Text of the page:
A presidential commission investigating how United States researchers deliberately infected prison inmates and mental patients in Guatemala with syphilis in the 1940s is expected this morning to issue new guidelines on ethical testing of new drugs.
The recommendations, which aim to establish more stringent guidelines for protecting patients used as guinea pigs in new drugs testing, will come as the Commission for the Study of Bioethical Issues takes the wraps off its own investigation specifically into the case of the Guatemala scandal.
That American researchers travelled to Guatemala and used vulnerable patients as they attempted to gauge the usefulness of penicillin – then a newly discovered medicine – was a secret for decades before it was uncovered and made public by the Wellesley College professor Susan Reverby.
The Guatemala government threatened to take the US to the international court for crimes against humanity. It led to the empanelling of the commission by President Barack Obama, to find out as much as possible about the experiments.
Professor Reverby told Reuters: "It's too easy to say, 'Oh, we'd never do anything like that'. They thought they were doing good science, these were decent people, not monsters, and therefore we really need to think about what we're doing now that's going to look horrible in 20 years."
The scandal was reminiscent of the uproar that surrounded the case of hundreds of black American men who were similarly exposed by doctors to syphilis in Tuskegee, Alabama. Those experiments lasted 40 years, until 1972. It was while researching that case that Professor Reverby discovered records about the exercise in Guatemala.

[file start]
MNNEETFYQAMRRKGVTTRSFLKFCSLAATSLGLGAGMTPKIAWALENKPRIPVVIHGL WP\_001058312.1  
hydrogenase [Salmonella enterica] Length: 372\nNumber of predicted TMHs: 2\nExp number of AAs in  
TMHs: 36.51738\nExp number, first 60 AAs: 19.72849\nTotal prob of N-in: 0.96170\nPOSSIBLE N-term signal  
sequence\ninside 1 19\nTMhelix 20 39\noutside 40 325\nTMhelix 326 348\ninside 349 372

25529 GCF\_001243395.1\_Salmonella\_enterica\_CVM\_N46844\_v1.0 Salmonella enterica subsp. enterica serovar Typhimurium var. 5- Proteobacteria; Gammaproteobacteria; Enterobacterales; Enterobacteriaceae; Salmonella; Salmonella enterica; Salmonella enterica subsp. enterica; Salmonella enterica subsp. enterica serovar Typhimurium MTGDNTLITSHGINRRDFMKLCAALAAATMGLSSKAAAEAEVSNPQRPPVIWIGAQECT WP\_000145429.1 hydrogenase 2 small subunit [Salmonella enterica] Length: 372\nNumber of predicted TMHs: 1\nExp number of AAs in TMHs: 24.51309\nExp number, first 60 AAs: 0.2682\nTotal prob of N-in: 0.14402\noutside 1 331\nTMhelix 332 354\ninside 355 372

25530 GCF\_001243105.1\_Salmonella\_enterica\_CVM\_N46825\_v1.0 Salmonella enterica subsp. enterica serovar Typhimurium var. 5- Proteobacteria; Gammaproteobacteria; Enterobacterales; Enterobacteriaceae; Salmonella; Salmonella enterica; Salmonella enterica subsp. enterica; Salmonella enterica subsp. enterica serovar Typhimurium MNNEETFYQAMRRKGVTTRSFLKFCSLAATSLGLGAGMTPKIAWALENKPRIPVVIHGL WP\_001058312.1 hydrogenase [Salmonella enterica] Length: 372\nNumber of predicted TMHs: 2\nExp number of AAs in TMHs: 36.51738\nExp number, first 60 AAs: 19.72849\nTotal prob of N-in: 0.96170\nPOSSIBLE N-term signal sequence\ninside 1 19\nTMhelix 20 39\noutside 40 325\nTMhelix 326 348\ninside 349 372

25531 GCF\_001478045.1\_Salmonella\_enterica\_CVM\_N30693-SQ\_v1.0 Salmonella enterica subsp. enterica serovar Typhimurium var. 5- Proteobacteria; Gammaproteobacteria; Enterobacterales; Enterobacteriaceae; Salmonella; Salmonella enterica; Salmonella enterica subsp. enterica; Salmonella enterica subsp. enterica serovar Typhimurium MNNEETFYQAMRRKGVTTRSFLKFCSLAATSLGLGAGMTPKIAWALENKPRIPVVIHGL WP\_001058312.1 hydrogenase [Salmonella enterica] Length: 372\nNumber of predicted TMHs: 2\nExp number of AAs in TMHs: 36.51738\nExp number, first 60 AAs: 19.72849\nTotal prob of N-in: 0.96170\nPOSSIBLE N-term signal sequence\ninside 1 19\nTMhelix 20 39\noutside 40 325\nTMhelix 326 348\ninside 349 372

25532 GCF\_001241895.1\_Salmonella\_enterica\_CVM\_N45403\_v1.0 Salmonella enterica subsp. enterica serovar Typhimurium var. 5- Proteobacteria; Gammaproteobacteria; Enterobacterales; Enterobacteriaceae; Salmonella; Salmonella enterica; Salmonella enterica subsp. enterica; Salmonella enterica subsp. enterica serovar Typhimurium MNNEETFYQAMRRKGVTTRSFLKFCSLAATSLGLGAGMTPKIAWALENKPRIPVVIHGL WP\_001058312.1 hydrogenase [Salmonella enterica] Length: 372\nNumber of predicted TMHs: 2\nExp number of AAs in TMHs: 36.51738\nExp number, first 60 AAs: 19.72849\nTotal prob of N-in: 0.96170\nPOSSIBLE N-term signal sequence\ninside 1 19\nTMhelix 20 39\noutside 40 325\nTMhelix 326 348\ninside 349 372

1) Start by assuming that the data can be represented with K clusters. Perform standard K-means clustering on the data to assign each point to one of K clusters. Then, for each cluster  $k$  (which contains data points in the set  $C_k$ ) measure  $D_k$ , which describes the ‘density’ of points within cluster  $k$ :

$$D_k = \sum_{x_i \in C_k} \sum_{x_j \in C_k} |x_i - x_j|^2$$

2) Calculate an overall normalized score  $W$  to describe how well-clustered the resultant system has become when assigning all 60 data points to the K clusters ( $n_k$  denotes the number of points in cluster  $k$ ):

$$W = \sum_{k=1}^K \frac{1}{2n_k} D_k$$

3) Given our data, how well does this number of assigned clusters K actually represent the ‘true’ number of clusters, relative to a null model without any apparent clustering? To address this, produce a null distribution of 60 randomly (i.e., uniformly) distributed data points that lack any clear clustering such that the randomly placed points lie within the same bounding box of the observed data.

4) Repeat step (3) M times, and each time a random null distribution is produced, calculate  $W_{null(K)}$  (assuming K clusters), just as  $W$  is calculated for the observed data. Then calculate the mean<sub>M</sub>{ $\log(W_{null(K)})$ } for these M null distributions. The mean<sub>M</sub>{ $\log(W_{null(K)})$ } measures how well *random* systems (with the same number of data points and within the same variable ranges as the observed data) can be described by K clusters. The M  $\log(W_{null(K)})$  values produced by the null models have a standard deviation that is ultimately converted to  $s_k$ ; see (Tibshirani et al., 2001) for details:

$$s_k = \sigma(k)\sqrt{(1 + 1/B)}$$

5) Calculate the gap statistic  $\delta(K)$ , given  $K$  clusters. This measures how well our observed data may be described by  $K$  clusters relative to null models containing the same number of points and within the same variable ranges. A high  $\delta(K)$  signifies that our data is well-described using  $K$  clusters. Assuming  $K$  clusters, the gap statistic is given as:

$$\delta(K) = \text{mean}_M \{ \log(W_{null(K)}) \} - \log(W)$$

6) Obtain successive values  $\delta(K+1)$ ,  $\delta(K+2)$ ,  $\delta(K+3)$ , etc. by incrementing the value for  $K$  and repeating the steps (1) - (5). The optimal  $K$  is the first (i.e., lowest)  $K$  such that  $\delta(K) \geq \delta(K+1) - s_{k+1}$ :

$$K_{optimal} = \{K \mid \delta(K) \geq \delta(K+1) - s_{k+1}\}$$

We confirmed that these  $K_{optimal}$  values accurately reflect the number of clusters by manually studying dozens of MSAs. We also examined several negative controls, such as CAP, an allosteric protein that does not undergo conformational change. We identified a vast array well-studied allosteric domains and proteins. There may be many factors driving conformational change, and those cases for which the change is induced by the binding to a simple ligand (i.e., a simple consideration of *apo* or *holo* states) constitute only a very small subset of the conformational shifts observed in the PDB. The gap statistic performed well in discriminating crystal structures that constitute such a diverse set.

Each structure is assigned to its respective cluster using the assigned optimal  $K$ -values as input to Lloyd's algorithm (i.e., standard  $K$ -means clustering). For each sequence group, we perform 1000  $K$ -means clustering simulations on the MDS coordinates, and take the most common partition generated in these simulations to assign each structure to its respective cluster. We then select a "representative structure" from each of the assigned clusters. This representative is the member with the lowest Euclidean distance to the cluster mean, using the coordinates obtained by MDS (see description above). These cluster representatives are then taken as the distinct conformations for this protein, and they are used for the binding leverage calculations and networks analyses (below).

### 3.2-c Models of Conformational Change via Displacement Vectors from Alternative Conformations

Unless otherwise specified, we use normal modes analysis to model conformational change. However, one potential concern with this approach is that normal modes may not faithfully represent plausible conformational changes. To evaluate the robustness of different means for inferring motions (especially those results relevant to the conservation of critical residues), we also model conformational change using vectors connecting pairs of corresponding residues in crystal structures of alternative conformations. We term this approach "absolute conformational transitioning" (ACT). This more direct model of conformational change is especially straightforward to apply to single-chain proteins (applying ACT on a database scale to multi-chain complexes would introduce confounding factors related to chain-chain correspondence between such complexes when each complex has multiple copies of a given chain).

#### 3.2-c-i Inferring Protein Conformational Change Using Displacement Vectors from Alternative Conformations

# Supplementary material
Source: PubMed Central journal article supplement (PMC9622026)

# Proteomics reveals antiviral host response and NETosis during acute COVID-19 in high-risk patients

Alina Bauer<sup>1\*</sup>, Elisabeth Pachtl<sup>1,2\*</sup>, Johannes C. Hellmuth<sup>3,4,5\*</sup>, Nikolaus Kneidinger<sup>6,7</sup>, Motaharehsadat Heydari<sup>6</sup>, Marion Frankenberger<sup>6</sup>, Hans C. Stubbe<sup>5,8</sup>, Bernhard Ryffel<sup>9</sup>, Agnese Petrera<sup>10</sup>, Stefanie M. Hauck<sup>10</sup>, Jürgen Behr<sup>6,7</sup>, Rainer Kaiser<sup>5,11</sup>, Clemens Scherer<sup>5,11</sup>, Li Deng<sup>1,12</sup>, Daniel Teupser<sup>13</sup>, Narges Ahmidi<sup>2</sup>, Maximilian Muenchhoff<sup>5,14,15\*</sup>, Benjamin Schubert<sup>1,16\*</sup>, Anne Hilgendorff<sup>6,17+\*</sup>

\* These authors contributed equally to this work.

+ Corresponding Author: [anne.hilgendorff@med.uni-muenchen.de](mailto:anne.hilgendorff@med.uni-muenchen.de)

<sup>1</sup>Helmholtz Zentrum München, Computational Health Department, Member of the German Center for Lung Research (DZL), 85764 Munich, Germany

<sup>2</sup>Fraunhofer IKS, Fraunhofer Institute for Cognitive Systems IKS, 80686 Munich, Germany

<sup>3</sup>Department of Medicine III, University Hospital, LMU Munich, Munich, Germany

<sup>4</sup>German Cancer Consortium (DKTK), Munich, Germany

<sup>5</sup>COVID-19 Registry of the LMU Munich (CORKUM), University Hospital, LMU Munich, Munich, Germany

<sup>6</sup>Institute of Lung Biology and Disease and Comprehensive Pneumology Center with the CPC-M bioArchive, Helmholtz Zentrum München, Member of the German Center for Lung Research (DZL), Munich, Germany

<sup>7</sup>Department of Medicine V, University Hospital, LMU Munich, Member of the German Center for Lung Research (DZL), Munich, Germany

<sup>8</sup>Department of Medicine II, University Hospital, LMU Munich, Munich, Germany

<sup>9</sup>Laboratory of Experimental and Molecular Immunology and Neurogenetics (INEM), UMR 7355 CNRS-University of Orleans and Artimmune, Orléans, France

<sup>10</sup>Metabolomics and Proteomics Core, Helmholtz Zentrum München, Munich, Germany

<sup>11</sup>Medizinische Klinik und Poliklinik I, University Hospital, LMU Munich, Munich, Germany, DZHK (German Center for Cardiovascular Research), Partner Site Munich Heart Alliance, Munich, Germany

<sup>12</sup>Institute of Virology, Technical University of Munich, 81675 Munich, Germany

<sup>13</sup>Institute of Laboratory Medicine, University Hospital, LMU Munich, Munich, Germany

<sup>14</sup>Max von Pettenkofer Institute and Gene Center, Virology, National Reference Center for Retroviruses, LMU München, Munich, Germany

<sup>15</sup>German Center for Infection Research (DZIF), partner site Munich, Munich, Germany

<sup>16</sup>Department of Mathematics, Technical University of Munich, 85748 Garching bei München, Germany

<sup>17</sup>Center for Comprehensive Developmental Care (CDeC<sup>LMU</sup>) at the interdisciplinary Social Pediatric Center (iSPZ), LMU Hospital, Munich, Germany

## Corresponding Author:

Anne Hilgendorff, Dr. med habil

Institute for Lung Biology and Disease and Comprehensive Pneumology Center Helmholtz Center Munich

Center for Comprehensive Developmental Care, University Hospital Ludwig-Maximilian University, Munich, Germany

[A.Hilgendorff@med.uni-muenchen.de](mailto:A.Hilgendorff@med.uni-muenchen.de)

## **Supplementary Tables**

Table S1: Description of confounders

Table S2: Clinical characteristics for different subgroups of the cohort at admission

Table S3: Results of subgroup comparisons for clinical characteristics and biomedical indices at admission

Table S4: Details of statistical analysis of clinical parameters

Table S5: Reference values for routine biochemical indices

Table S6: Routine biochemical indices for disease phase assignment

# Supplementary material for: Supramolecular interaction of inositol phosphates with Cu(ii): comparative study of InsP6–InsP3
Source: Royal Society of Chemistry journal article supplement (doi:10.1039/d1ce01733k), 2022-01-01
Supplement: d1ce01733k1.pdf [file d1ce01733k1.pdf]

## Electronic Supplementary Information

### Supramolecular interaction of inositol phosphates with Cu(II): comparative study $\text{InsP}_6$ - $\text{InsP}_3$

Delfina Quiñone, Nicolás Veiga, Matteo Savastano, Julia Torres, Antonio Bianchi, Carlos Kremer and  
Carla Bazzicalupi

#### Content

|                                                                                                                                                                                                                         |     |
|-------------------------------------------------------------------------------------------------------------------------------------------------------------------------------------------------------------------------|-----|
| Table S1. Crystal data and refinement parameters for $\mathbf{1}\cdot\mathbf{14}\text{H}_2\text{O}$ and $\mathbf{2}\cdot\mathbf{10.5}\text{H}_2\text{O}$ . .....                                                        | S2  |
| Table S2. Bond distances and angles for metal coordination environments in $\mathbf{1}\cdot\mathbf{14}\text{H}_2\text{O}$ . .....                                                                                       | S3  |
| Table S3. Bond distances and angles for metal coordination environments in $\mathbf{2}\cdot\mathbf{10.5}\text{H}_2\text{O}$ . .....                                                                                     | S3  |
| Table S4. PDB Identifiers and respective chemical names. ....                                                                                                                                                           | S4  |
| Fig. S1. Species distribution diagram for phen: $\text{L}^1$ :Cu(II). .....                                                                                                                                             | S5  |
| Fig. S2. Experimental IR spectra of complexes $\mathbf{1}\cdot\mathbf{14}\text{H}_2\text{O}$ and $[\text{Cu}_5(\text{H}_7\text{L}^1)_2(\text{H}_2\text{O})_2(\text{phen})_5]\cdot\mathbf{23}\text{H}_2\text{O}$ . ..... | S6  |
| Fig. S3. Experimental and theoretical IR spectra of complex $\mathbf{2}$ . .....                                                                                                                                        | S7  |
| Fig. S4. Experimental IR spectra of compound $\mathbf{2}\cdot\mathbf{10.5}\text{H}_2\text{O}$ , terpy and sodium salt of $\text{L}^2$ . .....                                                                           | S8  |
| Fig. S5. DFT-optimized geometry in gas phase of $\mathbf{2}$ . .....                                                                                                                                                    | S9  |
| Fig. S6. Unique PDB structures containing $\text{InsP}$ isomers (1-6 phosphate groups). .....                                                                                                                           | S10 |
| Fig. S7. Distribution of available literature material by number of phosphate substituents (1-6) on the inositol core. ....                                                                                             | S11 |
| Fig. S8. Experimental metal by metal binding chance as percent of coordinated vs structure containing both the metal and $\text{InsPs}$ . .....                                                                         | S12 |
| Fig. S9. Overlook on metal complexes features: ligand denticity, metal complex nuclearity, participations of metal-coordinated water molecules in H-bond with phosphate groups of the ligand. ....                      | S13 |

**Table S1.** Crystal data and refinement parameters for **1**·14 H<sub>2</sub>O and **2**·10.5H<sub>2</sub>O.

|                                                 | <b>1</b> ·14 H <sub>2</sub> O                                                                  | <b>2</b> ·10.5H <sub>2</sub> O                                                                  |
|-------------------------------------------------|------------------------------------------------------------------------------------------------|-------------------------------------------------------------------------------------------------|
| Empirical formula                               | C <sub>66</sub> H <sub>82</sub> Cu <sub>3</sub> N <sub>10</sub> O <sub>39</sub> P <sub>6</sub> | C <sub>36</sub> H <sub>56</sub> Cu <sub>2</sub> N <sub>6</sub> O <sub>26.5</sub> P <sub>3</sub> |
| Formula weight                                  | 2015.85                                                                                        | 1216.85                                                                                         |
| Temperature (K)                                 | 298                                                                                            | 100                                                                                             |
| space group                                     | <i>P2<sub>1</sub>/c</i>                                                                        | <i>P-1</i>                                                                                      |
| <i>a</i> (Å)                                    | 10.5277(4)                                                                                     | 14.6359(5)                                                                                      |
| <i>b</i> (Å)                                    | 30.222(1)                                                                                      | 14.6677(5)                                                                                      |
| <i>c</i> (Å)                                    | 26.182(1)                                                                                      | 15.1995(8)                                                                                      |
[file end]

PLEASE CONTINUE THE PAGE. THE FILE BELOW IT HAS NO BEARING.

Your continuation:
While most in the medical research profession will assert that nothing of this kind could happen again, concerns linger about pharmaceutical companies attempting to test products in foreign countries where protections for patients may be lacking.
Much briefer than the Tuskegee experiments, those in Guatemala were conducted between 1946 and 1948 during the presidency of Harry Truman. Soldiers and prostitutes were also among those chosen to be infected with syphilis. President Obama formally apologised in October last year. It's not clear, however, that some of the Guatemala ministries may not have known what was going on.
The experiments in Guatemala were led by a US government physician, John Charles Cutler, who was later to take part in the Tuskegee research project. The studies, which would not have been permissible on US soil, were funded by the US government. And while in the case of Tuskegee, syphilis was tracked in people who were already infected, in Guatemala the disease was introduced deliberately into the systems of otherwise healthy people.
The US Centers for Disease Control and Prevention later acknowledged that that "the design and conduct of the studies was unethical in many respects, including deliberate exposure of subjects to known serious health threats, lack of knowledge of and consent for experimental procedures by study subjects, and the use of highly vulnerable populations".